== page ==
One of the most hotly-contested biblical concepts today (and by "today" I include "at this time of year") is the doctrine of the Virgin Birth. We hold that Jesus was born of a virgin (Isa 7:14; Luke 1:27), that He had no earthly father but was produced by the Holy Spirit (Matt 1:20; Luke 1:35) impregnating Mary who had "never known a man" (Luke 1:34). This, of course, is outside of the realm of "normal". I mean, no human being actually comes into being that way. Ergo, clearly, the story is not true. And, look, it is certainly tradition, but can't we just all agree to disagree on this one? Does it really matter in the overall scheme of Christianity? One of the primary schisms between conservative Christianity and liberal Christianity was specifically this point -- the Virgin Birth. But is it really that important?
First, let's keep the question clear. We're talking about virgin conception, not anything beyond that. "Virgin Birth" is a bit misleading in that regard. Second, we're not talking about either the "Immaculate Conception" -- the claim that Mary was sinless, tacitly impossible since she referred to Jesus as her "Savior" (Luke 1:47) -- or the perpetual virginity of Mary, a second Roman Catholic (but not biblical) doctrine. Neither is in view here. Just whether or not Jesus was born of a woman who had never had sexual relations with anyone, but was fathered by God. Just that far.
Detractors (starting from the position of denying miracles because if miracles are possible, there is no problem with this one), argue that "virgin" (Isa 7:14; Matt 1:23) should be translated "maiden" and that all that "virgin" stuff isn't necessary. The fact that "maiden" referred to an unmarried woman who was expected to be a virgin is irrelevant. Clearly the disciples simply worked in a "virgin birth" because that was so popular at the time among the followers of pagan deities and, hey, if they can have a god of virgin birth, we can, too. Never mind that the whole Mithras connection is a fabrication. Still, can't we just get along? How important is this Virgin Birth thing?
It is, as it turns out, not peripheral. It is essential.
1. The Bible teaches it. Included in that, the authors of the Gospels believed it. Beyond and because of this, the Church has always believed it. Never, prior to the Enlightenment, was there a question regarding that particular claim of Scripture. Thus, if there was no Virgin Birth, then the Bible is not reliable and the Holy Spirit failed to lead His own into all truth until the 19th century or so.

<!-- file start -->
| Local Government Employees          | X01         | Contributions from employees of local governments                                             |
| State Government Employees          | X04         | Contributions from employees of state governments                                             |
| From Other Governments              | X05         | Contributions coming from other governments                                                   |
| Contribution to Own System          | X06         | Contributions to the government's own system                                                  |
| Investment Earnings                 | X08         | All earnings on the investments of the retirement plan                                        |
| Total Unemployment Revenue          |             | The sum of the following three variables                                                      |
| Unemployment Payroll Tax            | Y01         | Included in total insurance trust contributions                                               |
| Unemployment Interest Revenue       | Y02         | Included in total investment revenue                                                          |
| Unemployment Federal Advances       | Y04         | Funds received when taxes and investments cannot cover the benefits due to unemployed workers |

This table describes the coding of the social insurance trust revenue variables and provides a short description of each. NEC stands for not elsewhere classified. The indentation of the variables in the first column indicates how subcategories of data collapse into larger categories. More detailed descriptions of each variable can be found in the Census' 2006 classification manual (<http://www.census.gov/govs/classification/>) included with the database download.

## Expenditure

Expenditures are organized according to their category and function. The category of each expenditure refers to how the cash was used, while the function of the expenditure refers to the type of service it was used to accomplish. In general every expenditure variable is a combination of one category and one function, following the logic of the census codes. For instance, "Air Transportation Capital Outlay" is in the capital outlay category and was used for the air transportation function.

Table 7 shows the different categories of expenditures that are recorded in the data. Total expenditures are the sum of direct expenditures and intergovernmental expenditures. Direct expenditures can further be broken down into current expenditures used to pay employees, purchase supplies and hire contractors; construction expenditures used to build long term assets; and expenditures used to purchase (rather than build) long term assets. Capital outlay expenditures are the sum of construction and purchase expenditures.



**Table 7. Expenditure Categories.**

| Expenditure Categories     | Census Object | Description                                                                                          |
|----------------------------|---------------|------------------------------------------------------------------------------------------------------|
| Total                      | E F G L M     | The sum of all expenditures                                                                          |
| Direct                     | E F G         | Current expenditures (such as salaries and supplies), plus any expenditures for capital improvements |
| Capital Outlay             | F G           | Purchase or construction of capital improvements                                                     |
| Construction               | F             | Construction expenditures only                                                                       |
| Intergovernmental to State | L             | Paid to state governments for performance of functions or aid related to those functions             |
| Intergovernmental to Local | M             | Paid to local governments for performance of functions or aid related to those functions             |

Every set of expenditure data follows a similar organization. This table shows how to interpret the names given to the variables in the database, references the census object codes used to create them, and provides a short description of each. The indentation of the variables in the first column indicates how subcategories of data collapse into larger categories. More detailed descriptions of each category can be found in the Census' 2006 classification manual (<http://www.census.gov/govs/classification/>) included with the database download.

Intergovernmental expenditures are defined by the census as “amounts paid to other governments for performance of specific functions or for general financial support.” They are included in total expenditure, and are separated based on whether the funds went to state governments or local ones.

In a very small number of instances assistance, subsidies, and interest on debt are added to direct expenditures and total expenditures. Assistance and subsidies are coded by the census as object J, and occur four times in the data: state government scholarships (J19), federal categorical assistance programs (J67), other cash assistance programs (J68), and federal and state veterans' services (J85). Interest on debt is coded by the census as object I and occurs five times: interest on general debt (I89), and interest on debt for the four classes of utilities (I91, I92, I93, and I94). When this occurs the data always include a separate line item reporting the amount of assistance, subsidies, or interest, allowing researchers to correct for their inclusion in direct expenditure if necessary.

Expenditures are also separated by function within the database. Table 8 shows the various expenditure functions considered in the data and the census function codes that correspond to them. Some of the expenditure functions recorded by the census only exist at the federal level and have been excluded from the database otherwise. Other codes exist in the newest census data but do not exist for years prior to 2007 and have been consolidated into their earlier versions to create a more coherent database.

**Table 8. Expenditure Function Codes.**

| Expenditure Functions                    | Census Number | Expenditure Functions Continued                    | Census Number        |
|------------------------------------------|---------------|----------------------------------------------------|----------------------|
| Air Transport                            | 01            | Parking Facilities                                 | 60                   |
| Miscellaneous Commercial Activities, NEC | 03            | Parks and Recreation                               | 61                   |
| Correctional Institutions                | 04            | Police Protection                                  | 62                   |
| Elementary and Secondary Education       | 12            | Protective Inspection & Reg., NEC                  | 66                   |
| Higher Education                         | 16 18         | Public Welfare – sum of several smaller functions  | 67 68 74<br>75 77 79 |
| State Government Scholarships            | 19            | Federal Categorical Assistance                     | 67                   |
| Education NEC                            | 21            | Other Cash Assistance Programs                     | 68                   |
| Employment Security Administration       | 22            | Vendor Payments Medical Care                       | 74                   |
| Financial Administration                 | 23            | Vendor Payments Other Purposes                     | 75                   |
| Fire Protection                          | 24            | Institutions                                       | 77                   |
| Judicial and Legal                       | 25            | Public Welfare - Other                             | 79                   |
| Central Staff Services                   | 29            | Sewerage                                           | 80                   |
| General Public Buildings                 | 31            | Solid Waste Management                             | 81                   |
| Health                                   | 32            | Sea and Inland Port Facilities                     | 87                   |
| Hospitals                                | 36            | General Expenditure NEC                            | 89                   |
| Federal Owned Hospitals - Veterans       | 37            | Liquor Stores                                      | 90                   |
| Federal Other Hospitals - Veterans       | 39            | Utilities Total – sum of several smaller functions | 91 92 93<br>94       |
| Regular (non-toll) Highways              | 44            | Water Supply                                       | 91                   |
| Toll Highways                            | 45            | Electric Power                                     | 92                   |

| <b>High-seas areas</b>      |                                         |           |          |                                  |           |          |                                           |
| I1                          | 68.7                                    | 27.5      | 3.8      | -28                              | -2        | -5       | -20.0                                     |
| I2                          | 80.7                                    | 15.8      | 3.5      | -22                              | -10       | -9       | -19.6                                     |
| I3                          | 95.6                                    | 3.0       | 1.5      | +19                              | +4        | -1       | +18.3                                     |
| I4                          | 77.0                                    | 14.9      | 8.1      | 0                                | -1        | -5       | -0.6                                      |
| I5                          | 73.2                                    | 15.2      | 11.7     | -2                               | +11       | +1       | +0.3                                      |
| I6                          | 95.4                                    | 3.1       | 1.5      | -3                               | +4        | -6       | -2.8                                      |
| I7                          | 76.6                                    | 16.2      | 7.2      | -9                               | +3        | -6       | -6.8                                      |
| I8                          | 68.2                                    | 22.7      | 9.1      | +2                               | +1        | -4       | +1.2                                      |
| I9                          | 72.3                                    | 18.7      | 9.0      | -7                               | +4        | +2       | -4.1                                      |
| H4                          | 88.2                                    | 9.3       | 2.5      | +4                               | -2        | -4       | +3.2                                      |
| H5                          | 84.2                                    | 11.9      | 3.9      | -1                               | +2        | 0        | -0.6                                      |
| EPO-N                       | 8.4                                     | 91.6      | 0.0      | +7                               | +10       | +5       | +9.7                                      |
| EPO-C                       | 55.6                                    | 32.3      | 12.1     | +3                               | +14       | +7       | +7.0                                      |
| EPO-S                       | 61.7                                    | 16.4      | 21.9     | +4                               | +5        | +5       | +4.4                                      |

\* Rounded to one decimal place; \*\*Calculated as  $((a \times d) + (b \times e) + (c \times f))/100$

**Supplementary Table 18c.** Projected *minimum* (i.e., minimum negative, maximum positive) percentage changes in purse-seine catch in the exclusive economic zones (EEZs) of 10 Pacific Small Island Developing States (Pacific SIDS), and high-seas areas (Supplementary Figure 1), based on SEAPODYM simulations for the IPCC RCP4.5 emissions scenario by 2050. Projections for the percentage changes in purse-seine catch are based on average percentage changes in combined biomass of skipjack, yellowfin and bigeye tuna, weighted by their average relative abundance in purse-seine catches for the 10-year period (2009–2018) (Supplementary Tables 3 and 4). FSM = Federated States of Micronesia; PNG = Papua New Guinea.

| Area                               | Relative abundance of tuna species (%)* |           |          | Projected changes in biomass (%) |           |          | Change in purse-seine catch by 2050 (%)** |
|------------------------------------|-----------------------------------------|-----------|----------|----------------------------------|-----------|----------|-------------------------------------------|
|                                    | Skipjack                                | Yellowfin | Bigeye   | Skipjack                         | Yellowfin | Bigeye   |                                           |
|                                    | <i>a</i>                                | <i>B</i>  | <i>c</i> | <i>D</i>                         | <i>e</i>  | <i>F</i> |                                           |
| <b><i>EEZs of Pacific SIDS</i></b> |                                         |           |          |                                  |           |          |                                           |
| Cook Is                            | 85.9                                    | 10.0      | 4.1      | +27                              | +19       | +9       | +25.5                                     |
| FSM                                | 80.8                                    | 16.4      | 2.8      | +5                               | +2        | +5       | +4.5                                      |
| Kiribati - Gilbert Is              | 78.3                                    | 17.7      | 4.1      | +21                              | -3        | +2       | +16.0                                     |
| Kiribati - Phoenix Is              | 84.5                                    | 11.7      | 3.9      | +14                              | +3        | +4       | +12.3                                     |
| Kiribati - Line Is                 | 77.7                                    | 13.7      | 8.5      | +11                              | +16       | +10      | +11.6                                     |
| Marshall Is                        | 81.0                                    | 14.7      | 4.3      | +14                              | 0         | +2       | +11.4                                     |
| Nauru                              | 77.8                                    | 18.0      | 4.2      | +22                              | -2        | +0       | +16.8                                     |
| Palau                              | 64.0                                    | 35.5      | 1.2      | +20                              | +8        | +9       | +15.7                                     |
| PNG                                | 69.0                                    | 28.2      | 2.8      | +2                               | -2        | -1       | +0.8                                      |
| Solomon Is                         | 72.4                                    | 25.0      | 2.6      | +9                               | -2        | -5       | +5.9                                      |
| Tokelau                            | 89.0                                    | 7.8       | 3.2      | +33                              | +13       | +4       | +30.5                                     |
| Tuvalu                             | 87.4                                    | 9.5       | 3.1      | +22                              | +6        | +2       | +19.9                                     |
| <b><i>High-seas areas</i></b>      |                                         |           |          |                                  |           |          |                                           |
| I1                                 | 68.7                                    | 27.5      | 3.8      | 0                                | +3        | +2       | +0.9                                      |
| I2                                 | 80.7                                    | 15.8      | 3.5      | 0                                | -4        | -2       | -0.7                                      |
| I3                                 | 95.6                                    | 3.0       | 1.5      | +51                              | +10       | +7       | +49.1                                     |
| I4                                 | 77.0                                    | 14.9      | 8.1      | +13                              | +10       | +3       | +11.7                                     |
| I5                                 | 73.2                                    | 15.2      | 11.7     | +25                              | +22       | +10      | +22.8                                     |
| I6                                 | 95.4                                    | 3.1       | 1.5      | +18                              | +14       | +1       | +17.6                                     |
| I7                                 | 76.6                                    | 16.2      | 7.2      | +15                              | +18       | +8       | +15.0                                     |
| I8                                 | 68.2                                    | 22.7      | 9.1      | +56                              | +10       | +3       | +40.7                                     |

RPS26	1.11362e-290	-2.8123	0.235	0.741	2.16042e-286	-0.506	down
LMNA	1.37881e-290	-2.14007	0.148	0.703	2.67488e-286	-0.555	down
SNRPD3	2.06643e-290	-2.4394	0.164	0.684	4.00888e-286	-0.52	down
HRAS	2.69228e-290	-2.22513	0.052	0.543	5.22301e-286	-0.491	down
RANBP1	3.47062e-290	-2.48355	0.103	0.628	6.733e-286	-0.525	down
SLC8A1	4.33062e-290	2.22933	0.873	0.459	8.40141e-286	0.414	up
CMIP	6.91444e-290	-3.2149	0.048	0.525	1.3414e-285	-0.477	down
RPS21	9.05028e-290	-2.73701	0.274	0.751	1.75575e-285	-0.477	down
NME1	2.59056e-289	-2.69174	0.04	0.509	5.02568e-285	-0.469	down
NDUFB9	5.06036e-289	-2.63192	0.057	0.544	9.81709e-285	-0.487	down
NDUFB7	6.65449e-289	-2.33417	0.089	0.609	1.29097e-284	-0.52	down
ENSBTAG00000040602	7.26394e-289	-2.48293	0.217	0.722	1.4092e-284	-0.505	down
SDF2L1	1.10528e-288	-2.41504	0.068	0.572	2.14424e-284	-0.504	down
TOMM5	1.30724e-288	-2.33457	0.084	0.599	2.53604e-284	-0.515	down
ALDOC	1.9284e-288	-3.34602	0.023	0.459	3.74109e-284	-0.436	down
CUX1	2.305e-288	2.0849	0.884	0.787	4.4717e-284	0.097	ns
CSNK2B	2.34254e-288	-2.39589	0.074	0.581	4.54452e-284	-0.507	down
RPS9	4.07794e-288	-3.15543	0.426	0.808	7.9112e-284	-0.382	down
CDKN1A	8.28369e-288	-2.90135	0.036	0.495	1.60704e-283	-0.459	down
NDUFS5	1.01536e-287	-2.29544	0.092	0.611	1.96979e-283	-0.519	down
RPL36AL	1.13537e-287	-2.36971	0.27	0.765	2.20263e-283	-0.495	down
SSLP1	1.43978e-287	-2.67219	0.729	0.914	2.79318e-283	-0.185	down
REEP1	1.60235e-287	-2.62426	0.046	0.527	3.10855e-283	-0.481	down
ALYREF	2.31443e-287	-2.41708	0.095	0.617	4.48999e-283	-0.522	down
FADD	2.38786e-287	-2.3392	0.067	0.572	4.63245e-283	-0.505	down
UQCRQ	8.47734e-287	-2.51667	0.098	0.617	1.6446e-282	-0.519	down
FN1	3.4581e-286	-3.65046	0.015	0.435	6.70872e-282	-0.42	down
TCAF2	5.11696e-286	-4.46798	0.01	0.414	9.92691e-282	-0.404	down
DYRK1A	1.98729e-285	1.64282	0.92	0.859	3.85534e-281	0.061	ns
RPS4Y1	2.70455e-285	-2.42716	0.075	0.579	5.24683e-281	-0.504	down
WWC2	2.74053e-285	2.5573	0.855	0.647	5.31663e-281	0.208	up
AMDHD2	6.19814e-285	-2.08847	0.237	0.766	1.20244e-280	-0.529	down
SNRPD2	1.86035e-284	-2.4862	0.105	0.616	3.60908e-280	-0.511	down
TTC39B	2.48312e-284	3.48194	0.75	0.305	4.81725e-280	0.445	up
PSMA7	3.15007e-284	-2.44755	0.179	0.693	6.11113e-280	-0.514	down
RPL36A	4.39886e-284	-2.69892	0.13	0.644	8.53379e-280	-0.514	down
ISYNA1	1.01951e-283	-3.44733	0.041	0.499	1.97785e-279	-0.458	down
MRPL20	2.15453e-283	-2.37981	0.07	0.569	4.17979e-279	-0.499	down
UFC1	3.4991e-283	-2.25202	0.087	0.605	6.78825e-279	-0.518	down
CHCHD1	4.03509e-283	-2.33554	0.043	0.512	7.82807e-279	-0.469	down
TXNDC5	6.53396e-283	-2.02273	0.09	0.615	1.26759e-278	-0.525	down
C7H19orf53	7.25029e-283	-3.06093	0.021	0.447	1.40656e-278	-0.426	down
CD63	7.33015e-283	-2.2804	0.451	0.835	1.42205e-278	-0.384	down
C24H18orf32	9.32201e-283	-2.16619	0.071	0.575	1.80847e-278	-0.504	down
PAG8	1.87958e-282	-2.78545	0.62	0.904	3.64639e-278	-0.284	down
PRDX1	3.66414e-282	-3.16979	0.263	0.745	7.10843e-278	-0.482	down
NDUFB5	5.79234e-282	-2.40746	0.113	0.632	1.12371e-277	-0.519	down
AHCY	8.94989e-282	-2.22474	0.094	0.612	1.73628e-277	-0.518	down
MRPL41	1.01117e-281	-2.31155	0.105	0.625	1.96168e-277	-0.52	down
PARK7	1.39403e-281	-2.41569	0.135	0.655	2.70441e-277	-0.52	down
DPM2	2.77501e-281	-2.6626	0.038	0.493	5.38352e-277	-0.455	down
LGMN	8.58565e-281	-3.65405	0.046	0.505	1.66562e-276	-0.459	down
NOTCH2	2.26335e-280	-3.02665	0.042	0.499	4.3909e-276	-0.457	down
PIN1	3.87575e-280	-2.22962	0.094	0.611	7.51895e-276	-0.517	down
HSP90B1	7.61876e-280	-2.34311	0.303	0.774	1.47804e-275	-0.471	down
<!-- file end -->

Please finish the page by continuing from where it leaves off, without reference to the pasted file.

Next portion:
2. The Virgin Birth is necessary for our understanding of Christ. First, it is only in this Divine-Father-and-human-mother scenario that we can get to the biblical identity of Christ as both human and divine. If He was the product of human father and mother, He was only human. Second, the Virgin Birth is essential to explain how Christ did not inherit the sin nature. Scripture teaches that He "in every respect has been tempted as we are, yet without sin." (Heb 4:15) No other human can make that claim because all other humans are born with a sin nature (Rom 5:12; Psa 51:5).
Consider the alternative. Yes, Scripture refers to the Virgin Birth, but let's say it never happened. As it turns out, then, Mary was a ... sexually immoral woman, either with Joseph or another man. Jesus was born out of wedlock and the Pharisees' accusation of Him being an illegitimate child (John 8:41) was valid. Jesus was a product of sin, complete with a sin nature. If He managed to live out a sinless life, then it is a distinct possibility than any other person could do the same. However, that "if" would be a massive one and we'd likely have to actually rule it out because 1) no one else has ever done it and 2) the Bible says it can't happen. Well, now, we're starting to run into real problems here. Apparently the Bible is not reliable. After all, it claims the Virgin Birth and, yet, we've ruled it out. The Bible says that Jesus was sinless but that's not likely, either. And, oh, by the way, if He was not sinless, He is also ruled out as ... wait for it ... Savior (Heb 7:27). So, if the Virgin Birth is a myth, we have a failed Holy Spirit who could not lead us into all truth for thousands of years, an unreliable "Word of God", and, ultimately, a non-Savior.
Given the impact if the Virgin Birth is a lie, it is not a side issue. Jesus's divinity, His sinlessness, His ability to save, and the reliability of both the Bible and the Holy Spirit all hinge on this point. That makes it a fundamental issue.